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Not yet in wide use as transportation in 1913, but “To [Samuel] Langley and to the Wright brothers must be awarded the chief honors in the attainment of mechanical flight.” In 2013 the annoying aspects of commercial airline flying make transportation by horse and buggy seem a viable alternative. Charles Duryea made one of the earliest commercially successful petrol-driven vehicles, starting in 1896. “What the track has done for the locomotive, the pneumatic tire has done for the vehicle not confined to tracks.” Credit is given to John Dunlop and William C. Marconi was given the credit for making wireless “commercially practical.” Dowe also makes a comment that could apply equally to the rise of the World Wide Web, stating that wireless was “devised to meet the needs of commerce primarily, but incidentally they have contributed to social intercourse.” 10. The giant rotary press was quite capable of churning out masses of printed material.
Fuel prices heavily depend on the political and military situation in countries that provide oil; even if we do not take it into consideration, one year of driving a gasoline car costs you about ,100 (given you drive about 15,000 miles per year, use one gallon of gas for each 25 miles traveled, and buy gasoline at .50 per gallon).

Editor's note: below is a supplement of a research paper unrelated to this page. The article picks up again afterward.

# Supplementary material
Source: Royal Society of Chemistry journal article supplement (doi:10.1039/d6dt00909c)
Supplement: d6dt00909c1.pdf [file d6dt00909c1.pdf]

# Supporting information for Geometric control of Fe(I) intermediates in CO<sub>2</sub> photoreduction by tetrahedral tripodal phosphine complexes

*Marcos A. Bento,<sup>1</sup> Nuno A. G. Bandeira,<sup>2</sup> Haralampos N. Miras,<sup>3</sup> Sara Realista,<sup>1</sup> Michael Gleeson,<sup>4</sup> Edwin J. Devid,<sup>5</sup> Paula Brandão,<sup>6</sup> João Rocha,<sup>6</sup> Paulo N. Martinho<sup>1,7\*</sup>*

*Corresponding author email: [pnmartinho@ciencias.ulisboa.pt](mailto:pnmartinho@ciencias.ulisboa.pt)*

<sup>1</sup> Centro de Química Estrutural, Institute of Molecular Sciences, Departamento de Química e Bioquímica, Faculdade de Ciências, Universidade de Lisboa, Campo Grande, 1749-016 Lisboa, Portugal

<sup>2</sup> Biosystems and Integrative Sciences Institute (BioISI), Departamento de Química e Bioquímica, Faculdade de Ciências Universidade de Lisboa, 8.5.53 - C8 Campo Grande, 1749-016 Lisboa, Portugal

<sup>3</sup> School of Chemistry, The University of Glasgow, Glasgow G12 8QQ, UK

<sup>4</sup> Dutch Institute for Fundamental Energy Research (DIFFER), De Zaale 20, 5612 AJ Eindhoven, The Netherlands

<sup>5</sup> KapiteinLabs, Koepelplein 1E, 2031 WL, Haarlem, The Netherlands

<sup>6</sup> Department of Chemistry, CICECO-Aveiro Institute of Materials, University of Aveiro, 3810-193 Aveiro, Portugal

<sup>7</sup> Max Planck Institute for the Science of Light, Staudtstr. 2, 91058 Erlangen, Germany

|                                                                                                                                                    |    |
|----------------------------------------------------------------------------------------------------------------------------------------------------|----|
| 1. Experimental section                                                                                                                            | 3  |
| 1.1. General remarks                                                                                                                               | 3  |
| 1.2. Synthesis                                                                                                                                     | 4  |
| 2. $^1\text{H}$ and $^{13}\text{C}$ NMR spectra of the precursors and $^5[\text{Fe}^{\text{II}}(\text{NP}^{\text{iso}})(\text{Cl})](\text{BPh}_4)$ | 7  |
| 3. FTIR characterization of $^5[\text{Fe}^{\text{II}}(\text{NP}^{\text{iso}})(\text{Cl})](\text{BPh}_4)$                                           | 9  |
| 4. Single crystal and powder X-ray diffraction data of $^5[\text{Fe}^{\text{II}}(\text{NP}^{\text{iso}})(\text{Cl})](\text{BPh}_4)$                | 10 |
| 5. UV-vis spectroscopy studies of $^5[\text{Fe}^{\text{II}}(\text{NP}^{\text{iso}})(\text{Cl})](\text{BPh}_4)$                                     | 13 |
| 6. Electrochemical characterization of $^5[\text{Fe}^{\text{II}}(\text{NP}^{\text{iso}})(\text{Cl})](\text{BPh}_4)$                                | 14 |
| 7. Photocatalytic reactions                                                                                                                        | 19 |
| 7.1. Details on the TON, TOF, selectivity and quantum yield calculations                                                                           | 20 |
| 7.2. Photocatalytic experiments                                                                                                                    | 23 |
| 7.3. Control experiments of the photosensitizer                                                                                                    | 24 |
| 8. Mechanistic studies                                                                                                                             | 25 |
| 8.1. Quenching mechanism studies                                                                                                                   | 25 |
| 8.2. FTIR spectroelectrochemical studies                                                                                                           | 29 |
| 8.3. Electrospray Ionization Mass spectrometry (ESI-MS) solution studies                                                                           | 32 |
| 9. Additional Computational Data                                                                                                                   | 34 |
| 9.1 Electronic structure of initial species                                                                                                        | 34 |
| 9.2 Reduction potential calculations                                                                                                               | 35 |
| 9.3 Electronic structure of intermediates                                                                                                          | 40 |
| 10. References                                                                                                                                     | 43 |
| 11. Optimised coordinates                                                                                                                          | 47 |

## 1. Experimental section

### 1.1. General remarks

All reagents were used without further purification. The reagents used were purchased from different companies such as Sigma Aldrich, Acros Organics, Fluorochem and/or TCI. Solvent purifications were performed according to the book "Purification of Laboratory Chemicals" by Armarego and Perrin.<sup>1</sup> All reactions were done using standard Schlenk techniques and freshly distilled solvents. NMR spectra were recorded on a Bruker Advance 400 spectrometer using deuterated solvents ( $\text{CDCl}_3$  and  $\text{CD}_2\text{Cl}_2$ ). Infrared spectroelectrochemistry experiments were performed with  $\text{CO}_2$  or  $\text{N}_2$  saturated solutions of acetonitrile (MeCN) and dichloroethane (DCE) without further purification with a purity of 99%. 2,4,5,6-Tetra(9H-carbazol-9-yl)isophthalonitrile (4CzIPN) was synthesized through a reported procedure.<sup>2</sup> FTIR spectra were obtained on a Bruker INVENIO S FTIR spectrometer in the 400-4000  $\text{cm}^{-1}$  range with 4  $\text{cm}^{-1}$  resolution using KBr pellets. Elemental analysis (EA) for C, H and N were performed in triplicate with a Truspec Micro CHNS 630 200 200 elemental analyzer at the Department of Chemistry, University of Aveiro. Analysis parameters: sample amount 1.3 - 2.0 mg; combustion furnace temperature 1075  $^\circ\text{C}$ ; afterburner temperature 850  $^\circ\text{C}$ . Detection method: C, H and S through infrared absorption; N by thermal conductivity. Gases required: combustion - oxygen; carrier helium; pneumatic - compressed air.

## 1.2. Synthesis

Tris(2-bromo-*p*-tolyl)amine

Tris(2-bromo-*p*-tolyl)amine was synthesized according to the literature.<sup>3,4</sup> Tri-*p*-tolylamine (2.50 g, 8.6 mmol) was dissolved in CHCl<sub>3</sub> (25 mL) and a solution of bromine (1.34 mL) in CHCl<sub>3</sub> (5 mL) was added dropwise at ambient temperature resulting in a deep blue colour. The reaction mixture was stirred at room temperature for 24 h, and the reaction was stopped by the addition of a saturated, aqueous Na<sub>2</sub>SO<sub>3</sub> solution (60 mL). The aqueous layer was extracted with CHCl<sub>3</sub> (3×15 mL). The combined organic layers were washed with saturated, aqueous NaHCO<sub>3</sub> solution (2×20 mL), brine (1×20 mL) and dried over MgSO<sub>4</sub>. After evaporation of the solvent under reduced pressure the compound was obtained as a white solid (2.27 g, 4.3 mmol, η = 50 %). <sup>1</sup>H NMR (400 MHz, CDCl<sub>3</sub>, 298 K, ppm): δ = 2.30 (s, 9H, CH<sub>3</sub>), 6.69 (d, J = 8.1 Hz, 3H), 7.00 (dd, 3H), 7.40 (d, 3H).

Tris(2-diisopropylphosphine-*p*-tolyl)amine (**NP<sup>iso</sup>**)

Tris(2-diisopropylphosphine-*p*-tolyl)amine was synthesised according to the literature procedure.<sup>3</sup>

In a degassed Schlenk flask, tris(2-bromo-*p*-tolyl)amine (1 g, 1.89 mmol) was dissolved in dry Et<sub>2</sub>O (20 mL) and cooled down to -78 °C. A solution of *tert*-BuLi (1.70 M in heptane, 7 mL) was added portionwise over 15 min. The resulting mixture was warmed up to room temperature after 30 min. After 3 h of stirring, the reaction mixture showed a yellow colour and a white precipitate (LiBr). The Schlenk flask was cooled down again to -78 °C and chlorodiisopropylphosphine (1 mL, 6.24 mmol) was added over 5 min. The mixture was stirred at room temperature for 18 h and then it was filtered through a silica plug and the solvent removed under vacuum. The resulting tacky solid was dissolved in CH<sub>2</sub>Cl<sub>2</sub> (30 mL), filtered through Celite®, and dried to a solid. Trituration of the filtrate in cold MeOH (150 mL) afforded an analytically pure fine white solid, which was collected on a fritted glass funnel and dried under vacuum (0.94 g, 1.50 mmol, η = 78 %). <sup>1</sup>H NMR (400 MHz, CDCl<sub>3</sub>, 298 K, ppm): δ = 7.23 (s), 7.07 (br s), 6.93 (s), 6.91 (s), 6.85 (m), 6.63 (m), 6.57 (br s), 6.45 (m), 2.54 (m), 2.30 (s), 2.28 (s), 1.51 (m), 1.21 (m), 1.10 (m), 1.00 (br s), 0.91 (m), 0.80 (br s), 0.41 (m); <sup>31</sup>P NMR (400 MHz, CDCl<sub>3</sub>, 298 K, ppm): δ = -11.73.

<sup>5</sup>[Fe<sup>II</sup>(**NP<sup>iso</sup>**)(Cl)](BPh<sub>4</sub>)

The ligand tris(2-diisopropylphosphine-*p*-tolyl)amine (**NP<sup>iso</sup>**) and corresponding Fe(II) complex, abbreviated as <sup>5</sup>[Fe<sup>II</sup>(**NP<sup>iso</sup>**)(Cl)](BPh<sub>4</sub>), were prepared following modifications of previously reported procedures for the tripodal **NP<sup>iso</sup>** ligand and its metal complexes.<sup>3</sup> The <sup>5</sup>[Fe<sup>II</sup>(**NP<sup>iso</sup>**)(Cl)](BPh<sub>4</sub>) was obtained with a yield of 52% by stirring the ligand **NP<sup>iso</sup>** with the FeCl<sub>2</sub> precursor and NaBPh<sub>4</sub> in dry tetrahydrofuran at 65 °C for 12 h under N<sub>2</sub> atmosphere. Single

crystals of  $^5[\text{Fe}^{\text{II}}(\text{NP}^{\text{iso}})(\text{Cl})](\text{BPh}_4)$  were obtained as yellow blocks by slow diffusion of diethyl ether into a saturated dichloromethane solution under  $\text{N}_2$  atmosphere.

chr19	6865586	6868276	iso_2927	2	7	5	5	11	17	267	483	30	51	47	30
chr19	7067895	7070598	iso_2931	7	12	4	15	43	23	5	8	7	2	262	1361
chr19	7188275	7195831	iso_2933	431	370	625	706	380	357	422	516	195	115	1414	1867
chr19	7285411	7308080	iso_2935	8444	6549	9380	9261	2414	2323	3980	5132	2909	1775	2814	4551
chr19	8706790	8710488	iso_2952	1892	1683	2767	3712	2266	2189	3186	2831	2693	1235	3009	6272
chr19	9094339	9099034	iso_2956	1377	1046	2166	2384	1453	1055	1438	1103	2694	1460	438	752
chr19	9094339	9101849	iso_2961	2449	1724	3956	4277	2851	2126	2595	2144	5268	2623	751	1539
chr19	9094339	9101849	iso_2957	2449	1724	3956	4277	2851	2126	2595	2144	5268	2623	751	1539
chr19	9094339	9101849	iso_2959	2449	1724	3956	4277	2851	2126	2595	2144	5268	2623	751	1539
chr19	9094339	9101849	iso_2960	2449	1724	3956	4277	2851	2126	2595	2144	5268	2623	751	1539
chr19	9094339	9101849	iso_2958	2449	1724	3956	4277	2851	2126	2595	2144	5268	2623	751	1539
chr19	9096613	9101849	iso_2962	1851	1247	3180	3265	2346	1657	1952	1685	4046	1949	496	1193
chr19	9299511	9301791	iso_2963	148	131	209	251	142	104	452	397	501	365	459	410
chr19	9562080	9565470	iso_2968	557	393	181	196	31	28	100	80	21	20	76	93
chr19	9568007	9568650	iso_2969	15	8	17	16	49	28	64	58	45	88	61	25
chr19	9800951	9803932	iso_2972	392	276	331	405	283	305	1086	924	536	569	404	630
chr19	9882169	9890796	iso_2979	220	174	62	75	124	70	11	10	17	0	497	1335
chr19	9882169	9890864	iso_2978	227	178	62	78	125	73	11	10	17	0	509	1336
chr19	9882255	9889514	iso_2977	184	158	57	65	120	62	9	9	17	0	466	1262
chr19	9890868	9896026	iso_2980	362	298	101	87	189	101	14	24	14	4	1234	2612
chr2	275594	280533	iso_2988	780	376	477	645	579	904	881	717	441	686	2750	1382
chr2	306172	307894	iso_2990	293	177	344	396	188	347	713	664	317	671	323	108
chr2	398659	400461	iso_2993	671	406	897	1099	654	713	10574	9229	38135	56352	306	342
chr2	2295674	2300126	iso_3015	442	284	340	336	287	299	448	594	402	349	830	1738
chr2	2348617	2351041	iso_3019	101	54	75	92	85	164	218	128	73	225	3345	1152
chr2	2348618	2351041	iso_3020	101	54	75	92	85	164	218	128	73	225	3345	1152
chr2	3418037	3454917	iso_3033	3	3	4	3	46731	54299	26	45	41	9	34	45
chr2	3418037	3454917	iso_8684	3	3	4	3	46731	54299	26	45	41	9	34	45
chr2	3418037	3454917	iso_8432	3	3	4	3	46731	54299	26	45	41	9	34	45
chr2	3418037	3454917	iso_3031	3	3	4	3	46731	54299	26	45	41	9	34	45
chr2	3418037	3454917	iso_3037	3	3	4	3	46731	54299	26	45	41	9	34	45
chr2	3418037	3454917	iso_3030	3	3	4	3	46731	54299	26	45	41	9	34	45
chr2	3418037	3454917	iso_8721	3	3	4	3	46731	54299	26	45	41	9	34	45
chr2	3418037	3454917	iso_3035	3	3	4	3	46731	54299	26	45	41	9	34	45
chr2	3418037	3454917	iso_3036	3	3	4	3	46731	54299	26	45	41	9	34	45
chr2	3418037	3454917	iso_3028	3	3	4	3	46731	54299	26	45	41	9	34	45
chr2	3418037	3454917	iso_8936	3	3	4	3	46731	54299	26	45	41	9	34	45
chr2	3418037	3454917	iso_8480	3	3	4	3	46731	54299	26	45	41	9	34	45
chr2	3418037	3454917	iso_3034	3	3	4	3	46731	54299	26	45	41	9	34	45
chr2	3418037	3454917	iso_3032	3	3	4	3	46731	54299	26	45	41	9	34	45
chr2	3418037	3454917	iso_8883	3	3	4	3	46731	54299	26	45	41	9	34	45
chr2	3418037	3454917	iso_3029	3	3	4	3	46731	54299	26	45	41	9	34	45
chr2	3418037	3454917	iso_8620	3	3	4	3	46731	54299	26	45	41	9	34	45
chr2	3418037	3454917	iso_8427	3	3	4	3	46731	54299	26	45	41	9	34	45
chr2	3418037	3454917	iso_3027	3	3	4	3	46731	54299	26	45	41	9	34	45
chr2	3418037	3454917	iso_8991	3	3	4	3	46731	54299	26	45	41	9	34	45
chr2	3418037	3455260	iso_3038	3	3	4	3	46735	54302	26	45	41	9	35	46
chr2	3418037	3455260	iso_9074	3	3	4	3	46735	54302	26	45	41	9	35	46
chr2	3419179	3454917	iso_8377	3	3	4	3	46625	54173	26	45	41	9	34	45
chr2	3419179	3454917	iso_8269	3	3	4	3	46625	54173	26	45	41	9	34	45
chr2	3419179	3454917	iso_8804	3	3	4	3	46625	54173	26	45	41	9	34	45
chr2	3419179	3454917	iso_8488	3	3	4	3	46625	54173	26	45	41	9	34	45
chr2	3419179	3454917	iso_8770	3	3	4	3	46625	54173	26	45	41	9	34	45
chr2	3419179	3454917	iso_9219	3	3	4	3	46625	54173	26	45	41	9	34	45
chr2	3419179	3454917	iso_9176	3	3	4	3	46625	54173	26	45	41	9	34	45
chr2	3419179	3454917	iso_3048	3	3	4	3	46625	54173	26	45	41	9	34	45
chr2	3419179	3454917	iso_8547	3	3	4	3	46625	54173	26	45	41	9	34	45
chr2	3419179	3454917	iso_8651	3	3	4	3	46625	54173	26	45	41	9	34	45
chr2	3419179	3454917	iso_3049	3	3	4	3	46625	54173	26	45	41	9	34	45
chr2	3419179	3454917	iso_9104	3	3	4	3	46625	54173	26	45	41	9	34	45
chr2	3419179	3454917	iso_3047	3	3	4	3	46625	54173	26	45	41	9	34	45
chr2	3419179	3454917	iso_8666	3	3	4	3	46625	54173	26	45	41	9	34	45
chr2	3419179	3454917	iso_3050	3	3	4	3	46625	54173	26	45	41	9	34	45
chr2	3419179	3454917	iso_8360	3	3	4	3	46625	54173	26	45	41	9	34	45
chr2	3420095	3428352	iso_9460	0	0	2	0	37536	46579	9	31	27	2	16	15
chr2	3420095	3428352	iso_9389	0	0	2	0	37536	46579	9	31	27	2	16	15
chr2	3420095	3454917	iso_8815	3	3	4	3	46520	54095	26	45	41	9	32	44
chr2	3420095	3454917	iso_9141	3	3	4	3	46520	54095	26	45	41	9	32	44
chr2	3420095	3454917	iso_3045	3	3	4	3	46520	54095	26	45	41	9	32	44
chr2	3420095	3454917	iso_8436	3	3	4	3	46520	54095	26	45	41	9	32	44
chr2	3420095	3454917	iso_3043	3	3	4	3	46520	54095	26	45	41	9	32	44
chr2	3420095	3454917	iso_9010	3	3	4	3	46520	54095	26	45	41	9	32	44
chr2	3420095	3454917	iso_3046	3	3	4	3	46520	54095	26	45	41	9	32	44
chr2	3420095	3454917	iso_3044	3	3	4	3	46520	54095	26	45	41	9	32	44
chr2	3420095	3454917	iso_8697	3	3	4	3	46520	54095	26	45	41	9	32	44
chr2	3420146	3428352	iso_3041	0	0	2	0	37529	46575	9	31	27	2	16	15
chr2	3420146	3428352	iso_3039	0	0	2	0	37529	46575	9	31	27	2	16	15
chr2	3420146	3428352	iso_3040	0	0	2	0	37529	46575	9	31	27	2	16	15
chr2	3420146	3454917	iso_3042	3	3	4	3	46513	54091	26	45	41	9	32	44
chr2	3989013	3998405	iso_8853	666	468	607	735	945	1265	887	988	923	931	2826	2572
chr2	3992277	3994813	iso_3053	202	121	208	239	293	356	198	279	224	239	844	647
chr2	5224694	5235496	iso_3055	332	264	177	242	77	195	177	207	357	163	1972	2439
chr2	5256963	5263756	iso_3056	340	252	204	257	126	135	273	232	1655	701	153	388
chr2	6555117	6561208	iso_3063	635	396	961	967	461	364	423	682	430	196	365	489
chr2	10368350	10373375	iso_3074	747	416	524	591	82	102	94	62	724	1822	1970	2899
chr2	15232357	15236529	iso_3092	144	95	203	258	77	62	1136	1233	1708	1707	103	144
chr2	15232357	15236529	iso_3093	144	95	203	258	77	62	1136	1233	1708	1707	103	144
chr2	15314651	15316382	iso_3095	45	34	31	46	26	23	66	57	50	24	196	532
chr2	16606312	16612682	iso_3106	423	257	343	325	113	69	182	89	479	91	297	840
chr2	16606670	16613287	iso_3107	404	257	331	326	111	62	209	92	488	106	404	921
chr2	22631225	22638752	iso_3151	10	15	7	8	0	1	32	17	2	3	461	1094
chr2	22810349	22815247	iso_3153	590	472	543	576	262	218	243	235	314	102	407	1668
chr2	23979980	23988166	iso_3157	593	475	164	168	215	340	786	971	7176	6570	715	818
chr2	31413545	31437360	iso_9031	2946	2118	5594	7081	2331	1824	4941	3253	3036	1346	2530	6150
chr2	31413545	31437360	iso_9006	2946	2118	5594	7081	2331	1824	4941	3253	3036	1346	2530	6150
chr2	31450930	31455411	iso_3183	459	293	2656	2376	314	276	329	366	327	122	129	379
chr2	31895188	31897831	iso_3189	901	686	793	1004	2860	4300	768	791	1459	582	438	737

By all means, electric cars are a much cheaper alternative for those who want to save money.
Safety is another reason why electric cars are more preferable.
In 2013 we might not appreciate the work of Nikola Tesla or Thomas Edison on a daily basis, as we are accustomed to electricity in all its forms, but we are very impressed by the societal changes caused by the Internet and the World Wide Web (both of which run on alternating-current electricity, by the way). Wireless telegraphy as invented by Guglielmo Marconi, later evolving into radio, set information free from wires.
A century from now they might be curious as to what all the fuss was about. C., and was thus well informed on the progress of inventions. The electric furnace (1889) It was “the only means for commercially producing Carborundum (the hardest of all manufactured substances).” The electric furnace also converted aluminum “from a merely precious to very useful metal” (by reducing it’s price 98 percent), and was “radically transforming the steel industry.” 2.